Bill George


I make theatre for a living. It’s a terrible way to make a living, if you actually need money. And, needless to say, I don’t like everything I do; in fact, even then I may like something I’m never entirely satisfied with it. At Touchstone we’d done considerable work with Gus Ripa, an old and cherished friend, on Shakespeare’s sonnets over a year of rehearsals and investigation. Working them into gestural expressions, playing with different choral approaches. Audiences seemed to like the results, but I felt, in general, we’d failed to go anywhere really new. The sonnets just don’t come apart. They’re like indestructible diamonds, unwilling to transform into anything other than themselves.

And then a friend of mine died. He was older, it was time. But his wife was left alone. I went to the memorial service, and she asked me to recite Shakespeare’s Sonnet 116.

I got up there, in front of a few hundred mourning friends, she in the front row with her family. And all those months of work on that poem, the hours in the rehearsal room, the years in diction classes, and acting classes, and in performances…all of it came together in one moment. Say the words clearly and mean them.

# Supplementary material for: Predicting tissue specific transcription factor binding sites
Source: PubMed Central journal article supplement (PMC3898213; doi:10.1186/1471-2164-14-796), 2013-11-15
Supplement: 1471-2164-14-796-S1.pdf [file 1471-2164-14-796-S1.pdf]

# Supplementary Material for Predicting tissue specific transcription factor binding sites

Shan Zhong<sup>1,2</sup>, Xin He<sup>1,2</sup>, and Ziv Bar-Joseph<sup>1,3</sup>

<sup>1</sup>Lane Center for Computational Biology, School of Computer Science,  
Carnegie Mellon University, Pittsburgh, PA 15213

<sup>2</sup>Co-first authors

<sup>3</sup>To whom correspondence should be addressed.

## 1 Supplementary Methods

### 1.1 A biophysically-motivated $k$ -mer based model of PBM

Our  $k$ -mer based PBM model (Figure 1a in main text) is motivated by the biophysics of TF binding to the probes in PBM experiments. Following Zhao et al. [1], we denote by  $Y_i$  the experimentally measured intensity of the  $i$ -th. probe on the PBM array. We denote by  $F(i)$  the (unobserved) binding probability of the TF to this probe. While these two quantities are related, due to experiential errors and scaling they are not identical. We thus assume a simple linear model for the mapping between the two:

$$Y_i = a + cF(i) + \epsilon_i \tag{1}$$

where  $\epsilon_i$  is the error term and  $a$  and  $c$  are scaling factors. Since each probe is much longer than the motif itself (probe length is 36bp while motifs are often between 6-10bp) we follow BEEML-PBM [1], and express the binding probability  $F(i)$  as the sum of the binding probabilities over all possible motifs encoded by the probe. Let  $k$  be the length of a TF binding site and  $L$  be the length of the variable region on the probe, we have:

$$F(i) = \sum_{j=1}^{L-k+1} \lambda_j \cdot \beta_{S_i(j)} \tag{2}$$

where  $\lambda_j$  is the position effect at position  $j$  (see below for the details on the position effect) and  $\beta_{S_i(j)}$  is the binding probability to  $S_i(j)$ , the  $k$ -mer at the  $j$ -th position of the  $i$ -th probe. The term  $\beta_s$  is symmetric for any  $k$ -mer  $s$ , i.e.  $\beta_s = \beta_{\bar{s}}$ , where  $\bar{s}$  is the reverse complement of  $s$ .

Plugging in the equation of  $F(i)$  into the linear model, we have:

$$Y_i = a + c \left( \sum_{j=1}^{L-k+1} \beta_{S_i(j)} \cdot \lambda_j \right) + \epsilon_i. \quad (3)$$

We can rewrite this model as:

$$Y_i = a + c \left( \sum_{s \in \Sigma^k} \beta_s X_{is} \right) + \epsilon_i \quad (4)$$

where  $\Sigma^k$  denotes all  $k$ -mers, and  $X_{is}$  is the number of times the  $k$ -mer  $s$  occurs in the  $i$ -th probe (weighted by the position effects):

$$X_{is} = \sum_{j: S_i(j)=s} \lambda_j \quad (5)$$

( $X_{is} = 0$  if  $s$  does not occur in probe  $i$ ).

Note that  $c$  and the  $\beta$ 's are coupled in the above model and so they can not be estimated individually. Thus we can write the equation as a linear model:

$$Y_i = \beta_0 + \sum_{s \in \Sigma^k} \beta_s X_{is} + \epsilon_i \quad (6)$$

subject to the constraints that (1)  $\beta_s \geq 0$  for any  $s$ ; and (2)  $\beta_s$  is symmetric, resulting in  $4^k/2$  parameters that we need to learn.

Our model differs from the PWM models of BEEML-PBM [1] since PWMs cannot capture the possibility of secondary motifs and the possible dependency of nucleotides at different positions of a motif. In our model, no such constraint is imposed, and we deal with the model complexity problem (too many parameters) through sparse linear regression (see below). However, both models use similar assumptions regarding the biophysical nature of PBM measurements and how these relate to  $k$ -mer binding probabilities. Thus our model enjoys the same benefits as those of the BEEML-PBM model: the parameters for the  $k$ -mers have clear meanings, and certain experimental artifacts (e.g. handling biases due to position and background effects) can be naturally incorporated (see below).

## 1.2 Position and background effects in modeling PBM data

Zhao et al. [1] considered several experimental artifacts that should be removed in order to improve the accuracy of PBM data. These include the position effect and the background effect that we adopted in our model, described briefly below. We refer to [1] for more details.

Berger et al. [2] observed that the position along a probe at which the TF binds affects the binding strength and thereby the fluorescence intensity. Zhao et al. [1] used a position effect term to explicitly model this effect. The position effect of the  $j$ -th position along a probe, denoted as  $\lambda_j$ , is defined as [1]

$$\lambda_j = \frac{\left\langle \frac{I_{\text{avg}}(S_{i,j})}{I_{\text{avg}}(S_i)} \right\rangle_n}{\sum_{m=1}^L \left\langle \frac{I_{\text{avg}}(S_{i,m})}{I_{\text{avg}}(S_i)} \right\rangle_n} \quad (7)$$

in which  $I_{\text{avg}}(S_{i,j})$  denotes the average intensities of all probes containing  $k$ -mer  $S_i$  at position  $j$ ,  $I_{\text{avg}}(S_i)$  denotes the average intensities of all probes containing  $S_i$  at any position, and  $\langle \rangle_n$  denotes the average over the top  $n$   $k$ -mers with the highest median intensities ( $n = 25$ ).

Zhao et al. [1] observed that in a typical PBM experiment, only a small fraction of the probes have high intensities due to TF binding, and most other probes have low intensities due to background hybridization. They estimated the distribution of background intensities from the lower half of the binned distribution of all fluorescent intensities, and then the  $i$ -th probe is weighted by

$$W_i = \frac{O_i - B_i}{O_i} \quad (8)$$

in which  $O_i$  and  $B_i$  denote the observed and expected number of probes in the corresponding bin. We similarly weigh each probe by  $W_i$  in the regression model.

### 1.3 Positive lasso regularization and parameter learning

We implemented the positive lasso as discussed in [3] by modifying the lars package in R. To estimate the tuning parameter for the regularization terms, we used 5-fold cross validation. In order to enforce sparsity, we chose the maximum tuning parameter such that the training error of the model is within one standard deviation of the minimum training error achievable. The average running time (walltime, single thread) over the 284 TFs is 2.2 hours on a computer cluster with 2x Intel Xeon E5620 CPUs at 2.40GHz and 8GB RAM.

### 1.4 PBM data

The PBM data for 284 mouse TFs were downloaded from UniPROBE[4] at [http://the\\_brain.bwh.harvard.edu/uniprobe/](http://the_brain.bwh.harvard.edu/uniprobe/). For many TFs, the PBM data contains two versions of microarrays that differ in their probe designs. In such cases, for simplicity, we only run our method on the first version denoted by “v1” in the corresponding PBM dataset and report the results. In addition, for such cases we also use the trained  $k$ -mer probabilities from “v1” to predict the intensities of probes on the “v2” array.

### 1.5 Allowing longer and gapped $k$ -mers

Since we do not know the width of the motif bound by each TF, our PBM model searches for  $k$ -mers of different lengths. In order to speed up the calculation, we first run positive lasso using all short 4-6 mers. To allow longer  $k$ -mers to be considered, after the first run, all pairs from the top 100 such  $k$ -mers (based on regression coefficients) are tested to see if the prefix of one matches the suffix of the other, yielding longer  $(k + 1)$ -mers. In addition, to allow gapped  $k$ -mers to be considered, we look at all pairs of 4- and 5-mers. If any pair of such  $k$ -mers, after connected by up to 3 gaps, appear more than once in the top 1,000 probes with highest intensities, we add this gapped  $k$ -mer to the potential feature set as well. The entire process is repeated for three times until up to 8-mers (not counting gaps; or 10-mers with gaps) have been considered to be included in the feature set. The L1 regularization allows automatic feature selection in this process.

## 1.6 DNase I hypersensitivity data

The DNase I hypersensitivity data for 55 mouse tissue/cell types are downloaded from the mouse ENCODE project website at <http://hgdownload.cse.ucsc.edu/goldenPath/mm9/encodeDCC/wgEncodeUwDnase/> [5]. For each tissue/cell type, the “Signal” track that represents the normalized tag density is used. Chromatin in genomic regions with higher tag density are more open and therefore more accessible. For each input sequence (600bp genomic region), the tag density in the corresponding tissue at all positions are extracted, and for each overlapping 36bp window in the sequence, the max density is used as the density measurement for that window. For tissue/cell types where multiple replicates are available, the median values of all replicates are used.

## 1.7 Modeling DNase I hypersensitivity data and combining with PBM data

Let me not to the marriage of true minds
Admit impediments. Love is not love
Which alters when it alteration finds,
Or bends with the remover to remove:
O no! it is an ever-fixed mark
That looks on tempests and is never shaken;
It is the star to every wandering bark,
Whose worth’s unknown, although his height be taken
Love’s not Time’s fool, though rosy lips and cheeks
Within his bending sickle’s compass come:
Love alters not with his brief hours and weeks,
But bears it out even to the edge of doom.
If this be error and upon me proved,
I never writ, nor no man ever loved.

And then, I knew why I was an actor, an artist. To connect my friend with her loved one. To help us transcend the pain and celebrate the glory of life.